For example, Article 5 of the U.S. Constitution says that, “Upon achieving 38 states, an amendment shall be adopted.” But that’s not what happened. Virginia became the 38th state on January 27th of 2021 and Attorney General William Barr sent the U.S. Archivist a memorandum opinion letter ordering him not to publish it. When a person that’s Black is pulled over, for a taillight being broken, you would think they would get a fix-it ticket. But that’s not what happens. They could lose their lives. Right? I’m just no longer willing to work within a system that is designed for me to fail, unless I allow myself to be co-opted, lie to other women and become part of the problem.

“I’m just no longer willing to work within a system that is designed for me to fail, unless I allow myself to be co-opted, lie to other women and become part of the problem.”

Kamala Lopez, on the set of Equal Means Equal, which she directed/produced/co-wrote. The film was the catalyst behind a national movement resulting in the ratification of the 28th Amendment to the United States Constitution: the Equal Rights Amendment. “There is still work to do to get it put into law,” says Kamala. Copyright: Heroica Films

Tabby: You have been working for over a decade in leading the movement to secure the ratification of the Equal Rights Amendment so that it’s part of our U.S. Constitution. What has been the evolution of this movement over the last 10 years?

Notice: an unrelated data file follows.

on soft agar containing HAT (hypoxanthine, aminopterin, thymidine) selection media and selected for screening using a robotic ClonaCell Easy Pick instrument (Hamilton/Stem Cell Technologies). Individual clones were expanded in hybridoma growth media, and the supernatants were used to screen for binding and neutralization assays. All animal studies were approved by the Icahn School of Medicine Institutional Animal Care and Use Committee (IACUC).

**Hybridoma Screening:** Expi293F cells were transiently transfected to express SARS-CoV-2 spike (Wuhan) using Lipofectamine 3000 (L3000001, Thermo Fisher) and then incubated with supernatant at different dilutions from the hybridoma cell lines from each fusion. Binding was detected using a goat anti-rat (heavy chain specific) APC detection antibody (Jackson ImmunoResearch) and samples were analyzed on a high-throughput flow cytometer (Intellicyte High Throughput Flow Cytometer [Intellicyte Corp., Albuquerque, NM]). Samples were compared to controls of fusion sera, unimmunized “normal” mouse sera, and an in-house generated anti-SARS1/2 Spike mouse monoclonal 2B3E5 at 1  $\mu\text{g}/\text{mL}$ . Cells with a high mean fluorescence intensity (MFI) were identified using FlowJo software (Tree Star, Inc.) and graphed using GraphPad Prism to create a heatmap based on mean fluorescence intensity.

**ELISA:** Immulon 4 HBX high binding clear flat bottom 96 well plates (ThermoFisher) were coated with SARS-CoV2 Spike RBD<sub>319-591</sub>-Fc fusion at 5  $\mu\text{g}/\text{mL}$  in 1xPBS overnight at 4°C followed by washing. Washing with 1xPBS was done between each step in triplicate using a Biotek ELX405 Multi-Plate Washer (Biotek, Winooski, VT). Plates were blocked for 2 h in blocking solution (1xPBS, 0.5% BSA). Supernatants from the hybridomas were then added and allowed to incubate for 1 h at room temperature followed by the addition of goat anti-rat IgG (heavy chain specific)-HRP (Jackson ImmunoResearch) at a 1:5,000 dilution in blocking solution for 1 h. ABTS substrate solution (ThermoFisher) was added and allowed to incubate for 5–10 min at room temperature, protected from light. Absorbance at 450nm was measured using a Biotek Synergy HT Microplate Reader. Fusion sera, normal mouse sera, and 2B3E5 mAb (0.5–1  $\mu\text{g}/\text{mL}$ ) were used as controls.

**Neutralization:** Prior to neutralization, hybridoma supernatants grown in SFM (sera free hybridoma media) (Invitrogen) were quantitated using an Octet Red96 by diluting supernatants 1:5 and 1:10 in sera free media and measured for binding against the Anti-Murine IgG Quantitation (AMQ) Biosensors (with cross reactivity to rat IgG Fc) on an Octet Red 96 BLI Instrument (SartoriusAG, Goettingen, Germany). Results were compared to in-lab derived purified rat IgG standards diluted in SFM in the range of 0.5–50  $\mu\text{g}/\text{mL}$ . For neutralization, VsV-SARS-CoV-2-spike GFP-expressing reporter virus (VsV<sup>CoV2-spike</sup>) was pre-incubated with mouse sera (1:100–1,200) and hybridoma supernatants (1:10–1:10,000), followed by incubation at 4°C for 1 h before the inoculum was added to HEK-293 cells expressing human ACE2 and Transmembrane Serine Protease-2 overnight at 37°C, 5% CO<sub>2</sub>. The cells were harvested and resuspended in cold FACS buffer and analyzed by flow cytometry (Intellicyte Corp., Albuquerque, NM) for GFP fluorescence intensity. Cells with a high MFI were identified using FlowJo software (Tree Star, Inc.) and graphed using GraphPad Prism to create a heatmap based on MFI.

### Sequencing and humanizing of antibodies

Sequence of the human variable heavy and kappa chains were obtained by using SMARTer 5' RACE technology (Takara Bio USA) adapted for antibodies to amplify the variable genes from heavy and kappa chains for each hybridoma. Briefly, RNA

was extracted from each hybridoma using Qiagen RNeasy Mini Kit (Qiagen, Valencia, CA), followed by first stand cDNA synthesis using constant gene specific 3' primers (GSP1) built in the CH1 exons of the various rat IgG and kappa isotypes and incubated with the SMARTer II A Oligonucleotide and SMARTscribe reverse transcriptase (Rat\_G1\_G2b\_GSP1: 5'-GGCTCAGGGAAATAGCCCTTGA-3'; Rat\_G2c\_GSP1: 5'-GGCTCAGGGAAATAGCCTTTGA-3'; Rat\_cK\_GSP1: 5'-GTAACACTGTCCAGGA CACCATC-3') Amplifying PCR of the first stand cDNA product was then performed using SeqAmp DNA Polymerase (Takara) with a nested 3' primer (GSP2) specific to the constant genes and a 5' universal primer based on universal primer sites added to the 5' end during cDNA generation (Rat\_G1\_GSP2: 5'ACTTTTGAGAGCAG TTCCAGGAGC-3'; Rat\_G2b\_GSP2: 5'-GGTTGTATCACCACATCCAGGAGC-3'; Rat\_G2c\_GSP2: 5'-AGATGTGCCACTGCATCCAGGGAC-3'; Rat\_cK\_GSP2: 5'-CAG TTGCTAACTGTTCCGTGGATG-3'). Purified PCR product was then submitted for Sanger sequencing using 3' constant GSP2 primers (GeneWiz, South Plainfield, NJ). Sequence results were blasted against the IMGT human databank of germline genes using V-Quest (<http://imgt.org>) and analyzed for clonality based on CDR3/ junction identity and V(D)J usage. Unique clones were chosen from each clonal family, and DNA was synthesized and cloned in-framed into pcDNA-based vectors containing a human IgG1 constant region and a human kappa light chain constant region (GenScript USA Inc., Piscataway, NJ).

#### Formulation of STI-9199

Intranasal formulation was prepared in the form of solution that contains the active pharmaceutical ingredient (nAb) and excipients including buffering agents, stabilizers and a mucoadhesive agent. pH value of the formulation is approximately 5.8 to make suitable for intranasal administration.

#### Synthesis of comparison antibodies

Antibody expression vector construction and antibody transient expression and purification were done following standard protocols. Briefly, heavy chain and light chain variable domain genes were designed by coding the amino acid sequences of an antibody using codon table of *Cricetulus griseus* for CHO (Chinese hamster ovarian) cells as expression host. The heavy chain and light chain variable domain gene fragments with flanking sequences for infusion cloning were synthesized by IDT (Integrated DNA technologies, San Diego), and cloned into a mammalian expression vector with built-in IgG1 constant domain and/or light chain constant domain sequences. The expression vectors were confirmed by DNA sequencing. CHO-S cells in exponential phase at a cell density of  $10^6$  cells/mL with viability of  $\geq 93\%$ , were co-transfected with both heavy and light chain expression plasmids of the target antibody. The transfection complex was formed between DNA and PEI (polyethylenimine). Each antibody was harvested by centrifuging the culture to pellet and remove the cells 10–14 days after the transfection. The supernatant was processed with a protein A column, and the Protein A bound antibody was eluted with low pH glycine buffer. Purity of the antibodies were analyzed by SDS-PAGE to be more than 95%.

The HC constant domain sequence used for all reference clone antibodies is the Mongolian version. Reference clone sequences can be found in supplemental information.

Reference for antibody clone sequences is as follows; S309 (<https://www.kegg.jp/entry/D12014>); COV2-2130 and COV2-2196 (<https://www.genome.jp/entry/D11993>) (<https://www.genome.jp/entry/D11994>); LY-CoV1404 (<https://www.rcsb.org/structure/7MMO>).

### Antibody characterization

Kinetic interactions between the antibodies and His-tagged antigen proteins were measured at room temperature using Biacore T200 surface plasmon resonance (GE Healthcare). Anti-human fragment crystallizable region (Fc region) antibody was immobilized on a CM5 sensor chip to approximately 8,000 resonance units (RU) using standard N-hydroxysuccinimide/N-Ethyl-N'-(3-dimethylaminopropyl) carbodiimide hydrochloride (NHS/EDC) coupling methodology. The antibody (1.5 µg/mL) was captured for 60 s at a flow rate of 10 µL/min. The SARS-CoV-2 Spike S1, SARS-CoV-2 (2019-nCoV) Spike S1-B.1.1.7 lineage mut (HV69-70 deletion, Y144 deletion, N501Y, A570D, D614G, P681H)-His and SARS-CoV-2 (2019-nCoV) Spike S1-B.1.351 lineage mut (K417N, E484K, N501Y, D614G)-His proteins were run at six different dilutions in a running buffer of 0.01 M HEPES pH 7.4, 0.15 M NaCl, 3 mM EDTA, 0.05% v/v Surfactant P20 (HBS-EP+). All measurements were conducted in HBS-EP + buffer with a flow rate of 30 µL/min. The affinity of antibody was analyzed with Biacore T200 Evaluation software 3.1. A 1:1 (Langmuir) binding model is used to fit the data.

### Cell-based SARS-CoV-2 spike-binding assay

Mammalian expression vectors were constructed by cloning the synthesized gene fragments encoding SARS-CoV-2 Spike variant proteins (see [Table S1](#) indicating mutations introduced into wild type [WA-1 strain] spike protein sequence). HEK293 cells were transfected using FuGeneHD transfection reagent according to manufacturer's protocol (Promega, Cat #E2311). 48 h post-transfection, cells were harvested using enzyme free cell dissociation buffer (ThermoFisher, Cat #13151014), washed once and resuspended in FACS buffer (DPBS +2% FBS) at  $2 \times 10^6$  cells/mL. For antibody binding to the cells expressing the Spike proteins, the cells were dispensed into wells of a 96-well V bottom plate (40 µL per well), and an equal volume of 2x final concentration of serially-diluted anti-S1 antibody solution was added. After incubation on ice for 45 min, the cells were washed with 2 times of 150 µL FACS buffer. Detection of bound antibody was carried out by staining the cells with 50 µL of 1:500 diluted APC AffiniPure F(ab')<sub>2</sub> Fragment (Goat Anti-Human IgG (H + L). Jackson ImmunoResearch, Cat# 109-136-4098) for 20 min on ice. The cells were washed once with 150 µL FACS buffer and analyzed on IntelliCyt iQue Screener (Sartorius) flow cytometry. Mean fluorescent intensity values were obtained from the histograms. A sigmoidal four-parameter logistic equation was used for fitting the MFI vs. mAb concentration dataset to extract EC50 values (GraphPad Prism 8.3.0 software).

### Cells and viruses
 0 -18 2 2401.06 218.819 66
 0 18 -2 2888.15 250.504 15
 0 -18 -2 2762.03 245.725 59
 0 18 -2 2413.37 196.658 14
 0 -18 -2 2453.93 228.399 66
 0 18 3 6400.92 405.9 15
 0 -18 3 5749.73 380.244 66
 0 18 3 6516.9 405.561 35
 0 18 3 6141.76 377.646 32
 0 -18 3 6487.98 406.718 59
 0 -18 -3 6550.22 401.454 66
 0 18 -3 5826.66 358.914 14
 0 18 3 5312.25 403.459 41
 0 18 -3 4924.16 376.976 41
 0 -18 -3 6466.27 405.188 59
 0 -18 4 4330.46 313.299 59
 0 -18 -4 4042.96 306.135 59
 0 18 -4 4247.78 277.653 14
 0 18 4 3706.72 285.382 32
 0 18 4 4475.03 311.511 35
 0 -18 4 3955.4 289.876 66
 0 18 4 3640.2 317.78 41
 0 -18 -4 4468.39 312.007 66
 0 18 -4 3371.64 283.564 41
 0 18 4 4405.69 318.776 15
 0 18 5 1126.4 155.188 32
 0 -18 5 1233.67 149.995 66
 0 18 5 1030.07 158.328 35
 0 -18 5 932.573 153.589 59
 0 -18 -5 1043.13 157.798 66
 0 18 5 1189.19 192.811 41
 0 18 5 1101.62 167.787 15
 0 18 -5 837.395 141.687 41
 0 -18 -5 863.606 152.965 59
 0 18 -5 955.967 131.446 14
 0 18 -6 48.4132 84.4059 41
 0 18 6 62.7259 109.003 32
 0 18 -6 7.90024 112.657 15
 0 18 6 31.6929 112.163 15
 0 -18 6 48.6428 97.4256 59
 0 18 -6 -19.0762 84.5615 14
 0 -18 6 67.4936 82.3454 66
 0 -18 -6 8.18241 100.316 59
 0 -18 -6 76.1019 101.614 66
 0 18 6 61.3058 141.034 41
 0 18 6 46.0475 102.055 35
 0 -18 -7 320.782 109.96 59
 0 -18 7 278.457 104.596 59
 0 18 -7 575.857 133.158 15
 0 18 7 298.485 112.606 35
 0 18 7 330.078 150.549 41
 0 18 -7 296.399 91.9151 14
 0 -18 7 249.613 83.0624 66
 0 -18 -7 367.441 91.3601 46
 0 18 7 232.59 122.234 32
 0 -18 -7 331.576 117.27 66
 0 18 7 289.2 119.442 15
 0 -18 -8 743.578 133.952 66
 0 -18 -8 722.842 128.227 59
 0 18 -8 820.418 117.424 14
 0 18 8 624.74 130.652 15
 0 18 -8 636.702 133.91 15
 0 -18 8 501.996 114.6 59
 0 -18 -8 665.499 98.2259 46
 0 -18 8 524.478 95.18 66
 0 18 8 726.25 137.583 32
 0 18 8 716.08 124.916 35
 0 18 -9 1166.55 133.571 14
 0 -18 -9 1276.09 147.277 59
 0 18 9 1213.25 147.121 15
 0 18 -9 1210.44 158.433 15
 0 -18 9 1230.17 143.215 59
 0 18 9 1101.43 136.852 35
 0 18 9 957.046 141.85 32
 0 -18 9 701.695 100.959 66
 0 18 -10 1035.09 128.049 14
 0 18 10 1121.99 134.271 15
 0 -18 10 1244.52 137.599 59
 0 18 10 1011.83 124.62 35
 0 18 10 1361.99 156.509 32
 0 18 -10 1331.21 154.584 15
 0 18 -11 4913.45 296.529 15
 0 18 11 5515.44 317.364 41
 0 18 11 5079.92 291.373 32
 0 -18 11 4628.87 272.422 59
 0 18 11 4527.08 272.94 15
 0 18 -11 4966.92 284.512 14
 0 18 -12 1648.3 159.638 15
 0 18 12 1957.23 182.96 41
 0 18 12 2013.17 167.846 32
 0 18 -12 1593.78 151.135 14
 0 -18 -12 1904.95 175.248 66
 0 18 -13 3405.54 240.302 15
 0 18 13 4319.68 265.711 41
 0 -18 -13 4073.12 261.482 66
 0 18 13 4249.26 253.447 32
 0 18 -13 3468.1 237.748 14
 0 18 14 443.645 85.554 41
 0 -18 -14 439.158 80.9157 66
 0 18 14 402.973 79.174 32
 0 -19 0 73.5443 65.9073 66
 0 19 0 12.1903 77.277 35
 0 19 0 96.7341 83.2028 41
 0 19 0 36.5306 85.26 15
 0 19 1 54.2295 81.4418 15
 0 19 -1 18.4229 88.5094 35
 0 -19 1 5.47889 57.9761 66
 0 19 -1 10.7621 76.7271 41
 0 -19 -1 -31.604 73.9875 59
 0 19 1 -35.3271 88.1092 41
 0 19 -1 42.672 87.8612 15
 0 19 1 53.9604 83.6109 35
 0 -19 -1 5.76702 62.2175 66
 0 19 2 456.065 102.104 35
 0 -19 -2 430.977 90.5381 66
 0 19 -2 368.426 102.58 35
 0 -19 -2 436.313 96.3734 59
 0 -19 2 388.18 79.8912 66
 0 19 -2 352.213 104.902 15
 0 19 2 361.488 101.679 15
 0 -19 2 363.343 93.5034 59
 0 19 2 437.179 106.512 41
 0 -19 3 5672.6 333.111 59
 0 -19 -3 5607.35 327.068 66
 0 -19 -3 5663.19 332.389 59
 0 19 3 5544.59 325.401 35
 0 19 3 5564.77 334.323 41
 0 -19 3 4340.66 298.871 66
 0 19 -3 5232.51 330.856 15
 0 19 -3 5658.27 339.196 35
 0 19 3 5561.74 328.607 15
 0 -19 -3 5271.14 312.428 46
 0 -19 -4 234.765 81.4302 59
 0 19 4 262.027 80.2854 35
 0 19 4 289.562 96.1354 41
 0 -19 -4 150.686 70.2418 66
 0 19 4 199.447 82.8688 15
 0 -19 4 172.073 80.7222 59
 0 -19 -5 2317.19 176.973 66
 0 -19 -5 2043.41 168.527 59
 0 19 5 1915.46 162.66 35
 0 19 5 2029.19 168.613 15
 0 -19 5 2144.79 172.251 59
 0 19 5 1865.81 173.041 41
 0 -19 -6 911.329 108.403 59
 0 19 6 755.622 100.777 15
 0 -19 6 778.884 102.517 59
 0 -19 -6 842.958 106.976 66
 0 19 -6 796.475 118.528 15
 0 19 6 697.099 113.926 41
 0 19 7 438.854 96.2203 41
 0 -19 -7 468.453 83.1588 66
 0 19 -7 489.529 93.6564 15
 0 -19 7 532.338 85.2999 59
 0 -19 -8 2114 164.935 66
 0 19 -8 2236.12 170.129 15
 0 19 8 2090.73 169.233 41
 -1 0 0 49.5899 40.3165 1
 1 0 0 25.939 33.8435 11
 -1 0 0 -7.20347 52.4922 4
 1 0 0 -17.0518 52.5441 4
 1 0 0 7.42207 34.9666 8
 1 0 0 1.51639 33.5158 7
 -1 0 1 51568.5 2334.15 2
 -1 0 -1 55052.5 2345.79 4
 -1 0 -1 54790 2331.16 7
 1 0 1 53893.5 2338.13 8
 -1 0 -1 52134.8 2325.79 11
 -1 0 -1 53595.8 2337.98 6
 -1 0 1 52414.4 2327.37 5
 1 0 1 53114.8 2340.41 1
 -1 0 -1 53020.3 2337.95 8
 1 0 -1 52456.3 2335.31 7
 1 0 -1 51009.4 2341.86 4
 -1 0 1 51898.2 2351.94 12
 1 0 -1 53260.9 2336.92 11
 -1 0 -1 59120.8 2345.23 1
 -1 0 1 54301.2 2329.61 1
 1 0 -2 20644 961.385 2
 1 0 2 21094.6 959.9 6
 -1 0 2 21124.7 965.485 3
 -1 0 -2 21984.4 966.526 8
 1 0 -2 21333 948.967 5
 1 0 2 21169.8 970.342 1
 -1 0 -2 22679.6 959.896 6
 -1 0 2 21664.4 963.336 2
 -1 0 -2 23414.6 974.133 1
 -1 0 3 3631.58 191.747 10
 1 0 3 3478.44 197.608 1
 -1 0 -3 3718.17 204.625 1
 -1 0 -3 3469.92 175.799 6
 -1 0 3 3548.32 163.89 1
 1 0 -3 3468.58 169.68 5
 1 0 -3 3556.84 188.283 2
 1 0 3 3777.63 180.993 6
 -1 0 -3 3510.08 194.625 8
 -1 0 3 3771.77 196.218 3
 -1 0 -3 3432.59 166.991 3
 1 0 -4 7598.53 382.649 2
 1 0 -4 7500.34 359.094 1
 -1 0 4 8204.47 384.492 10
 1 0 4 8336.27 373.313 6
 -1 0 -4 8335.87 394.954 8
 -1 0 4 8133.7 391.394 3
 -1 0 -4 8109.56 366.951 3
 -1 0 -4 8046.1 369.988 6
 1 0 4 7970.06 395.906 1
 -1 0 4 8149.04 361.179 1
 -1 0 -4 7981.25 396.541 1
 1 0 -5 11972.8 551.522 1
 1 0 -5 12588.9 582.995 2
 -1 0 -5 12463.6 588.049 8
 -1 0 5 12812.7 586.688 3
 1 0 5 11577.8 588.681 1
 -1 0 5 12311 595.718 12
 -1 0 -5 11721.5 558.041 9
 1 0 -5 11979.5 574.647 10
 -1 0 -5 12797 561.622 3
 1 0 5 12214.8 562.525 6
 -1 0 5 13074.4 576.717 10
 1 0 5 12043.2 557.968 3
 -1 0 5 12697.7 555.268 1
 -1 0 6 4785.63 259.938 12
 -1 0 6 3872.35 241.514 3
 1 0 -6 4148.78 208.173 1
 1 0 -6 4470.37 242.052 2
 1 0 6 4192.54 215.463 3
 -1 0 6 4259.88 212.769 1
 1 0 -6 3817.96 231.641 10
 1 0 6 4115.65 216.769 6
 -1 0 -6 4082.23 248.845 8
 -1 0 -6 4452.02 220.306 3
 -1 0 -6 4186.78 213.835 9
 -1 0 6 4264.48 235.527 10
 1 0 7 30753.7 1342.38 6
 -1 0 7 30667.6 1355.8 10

Kamala: I would say that the movement really has come to life, and I’m really happy to say that there is momentum now. Even though, as I said initially, this is an entire exercise in bad faith with all the people in power knowing full well that this is a wank, or whatever. But nonetheless, the concept of ‘equal rights for women under the law’ has started bubbling into the collective consciousness enough for me to feel like we have been effective to some degree. The evolution for me personally has been one that started with shock, surprise and dismay, and moved quickly to extreme hope and optimism, thinking that this was a very easily solvable matter. Over the course of the past 10 years, my journey has been one of growing recognition that there are very few powerful people that want to see the ERA actually happen. That, in fact, it is much more worthwhile to maintain the possibility of ERA as a carrot; to get different people elected to different parties, to raise money to keep certain things in place, institutions and so forth. I have been deeply disillusioned with all quarters of our society: from our state legislators, to our federal legislators, from our women’s establishment movements, to our media pundits, prominent lawyers, judges and our courts. The only people that have not disappointed me have been the women themselves, who have been incredible in their commitment and hard work.